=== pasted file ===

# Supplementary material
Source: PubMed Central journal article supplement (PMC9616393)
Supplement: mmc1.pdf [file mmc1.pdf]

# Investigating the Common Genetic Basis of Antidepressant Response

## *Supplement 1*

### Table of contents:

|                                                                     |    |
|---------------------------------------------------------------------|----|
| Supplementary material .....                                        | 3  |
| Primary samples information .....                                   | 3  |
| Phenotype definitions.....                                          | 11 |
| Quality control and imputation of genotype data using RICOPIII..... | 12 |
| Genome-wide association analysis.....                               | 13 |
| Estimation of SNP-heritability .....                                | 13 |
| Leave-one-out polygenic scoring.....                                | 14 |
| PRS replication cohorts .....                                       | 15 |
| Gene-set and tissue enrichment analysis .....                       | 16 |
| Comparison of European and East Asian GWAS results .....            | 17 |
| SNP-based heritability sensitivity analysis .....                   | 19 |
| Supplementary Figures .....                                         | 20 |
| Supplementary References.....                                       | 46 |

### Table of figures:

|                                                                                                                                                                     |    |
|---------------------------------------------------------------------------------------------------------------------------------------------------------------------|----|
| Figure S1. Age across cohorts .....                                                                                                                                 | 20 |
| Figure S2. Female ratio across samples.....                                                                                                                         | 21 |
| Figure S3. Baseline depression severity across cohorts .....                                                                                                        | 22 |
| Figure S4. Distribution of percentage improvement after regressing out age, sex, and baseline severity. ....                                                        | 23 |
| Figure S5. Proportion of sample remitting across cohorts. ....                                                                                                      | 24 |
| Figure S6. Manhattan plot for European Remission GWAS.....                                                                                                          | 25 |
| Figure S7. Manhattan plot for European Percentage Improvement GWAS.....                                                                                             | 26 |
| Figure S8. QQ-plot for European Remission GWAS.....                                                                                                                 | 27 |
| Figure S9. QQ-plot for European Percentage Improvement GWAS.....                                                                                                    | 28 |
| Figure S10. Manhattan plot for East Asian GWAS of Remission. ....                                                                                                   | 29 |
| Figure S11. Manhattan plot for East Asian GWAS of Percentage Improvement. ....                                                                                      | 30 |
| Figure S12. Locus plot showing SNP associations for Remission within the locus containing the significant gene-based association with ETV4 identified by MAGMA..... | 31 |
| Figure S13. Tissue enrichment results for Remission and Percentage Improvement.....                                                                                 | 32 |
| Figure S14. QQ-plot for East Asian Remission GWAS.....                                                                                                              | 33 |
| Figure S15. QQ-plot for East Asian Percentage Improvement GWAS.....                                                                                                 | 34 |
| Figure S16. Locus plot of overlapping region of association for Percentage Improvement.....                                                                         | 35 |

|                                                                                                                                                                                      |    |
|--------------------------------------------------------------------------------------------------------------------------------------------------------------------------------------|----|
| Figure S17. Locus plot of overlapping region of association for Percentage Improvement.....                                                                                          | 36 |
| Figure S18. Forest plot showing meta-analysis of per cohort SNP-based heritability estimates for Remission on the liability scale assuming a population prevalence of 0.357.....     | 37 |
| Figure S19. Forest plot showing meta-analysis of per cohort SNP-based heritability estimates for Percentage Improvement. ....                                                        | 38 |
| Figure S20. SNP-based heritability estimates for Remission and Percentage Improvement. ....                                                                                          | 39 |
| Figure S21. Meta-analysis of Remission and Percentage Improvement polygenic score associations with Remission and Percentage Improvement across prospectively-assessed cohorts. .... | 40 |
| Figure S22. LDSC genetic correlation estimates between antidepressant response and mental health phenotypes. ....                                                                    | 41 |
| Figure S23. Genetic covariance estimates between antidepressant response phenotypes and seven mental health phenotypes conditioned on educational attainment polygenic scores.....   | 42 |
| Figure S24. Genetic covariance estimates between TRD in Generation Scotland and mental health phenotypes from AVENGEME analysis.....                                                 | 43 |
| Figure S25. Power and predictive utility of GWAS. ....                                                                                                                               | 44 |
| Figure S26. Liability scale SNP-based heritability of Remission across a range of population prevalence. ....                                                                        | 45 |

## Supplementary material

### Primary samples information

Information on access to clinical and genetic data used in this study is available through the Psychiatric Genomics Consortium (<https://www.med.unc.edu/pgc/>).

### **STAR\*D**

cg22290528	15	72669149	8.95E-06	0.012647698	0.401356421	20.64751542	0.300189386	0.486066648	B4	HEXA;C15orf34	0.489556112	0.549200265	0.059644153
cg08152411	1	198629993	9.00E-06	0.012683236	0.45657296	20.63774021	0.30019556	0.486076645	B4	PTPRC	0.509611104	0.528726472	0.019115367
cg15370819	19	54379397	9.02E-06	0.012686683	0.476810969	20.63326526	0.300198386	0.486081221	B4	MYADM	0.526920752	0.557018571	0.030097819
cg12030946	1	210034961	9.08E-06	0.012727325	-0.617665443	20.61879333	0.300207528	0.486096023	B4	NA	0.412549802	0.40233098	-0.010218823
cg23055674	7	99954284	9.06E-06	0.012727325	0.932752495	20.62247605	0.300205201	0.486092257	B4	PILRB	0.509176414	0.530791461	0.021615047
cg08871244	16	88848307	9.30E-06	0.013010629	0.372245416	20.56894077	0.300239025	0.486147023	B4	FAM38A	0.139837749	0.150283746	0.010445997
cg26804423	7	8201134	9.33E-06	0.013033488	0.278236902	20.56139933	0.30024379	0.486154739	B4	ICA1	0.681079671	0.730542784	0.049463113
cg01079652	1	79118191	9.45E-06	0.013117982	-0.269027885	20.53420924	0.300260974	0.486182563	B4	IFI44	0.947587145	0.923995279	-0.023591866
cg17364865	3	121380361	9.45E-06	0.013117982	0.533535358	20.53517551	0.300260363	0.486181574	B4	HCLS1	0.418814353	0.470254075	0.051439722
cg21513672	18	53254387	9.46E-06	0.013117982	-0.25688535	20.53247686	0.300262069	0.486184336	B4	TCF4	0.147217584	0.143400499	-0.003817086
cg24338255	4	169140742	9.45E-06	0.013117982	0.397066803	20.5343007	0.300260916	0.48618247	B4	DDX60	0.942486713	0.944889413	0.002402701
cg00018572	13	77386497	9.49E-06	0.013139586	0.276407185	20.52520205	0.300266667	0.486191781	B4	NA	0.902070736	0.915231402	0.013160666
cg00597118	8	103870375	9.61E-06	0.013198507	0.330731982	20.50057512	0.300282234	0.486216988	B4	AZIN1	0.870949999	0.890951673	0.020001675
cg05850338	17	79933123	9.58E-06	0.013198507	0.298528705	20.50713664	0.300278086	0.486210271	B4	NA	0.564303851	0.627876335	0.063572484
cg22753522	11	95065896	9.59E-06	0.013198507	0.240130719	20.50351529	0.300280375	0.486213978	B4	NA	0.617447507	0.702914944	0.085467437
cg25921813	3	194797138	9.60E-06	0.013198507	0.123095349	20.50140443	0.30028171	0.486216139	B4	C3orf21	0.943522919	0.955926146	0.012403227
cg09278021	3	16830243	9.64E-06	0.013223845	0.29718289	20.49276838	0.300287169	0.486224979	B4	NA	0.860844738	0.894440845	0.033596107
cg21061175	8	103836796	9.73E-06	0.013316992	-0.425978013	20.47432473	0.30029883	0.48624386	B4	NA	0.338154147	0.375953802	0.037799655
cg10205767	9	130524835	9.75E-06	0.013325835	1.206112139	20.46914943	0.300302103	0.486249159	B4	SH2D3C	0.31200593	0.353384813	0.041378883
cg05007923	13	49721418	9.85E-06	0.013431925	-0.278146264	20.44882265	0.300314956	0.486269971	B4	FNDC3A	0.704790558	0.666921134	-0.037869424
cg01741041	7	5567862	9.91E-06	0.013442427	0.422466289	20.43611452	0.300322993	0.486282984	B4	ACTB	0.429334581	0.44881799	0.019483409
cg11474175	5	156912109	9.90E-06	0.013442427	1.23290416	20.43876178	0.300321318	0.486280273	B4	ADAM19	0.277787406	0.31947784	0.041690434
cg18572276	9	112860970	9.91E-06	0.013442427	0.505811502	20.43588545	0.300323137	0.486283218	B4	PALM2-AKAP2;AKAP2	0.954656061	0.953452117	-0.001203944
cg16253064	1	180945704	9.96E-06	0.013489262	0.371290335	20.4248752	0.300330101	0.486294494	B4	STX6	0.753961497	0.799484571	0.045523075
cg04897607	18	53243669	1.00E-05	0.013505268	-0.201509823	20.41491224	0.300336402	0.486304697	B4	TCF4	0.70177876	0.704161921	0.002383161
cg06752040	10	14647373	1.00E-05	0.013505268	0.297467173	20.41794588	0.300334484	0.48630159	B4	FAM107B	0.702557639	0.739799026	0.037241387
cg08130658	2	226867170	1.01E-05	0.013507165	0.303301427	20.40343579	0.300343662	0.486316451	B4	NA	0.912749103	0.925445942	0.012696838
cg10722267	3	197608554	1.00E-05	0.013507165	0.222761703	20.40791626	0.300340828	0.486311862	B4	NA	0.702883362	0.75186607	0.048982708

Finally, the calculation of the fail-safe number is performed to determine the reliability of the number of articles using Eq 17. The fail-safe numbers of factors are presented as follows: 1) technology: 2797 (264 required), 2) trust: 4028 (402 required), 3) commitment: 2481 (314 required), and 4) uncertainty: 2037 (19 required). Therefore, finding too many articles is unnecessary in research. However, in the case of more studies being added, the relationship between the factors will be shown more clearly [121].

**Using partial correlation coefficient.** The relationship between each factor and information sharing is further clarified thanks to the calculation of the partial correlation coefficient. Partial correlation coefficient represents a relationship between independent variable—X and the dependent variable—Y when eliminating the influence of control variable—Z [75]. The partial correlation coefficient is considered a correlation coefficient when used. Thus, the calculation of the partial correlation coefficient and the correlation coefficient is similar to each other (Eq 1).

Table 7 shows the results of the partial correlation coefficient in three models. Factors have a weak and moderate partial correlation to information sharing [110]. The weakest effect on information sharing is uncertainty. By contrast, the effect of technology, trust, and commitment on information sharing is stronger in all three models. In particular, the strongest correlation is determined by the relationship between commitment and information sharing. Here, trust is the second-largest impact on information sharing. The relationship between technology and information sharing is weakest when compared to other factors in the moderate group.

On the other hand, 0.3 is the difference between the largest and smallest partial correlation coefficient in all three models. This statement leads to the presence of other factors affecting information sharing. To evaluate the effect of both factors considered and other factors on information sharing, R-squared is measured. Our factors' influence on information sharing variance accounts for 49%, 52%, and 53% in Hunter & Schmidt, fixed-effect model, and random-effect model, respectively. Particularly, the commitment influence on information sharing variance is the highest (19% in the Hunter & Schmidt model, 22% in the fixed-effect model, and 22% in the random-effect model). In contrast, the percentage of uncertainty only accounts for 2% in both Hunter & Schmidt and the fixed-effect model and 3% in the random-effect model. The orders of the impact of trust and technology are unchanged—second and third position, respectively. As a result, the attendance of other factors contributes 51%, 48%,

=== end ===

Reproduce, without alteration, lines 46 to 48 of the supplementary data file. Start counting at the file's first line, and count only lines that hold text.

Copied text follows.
| Figure S20. SNP-based heritability estimates for Remission and Percentage Improvement. ....                                                                                          | 39 |
| Figure S21. Meta-analysis of Remission and Percentage Improvement polygenic score associations with Remission and Percentage Improvement across prospectively-assessed cohorts. .... | 40 |
| Figure S22. LDSC genetic correlation estimates between antidepressant response and mental health phenotypes. ....                                                                    | 41 |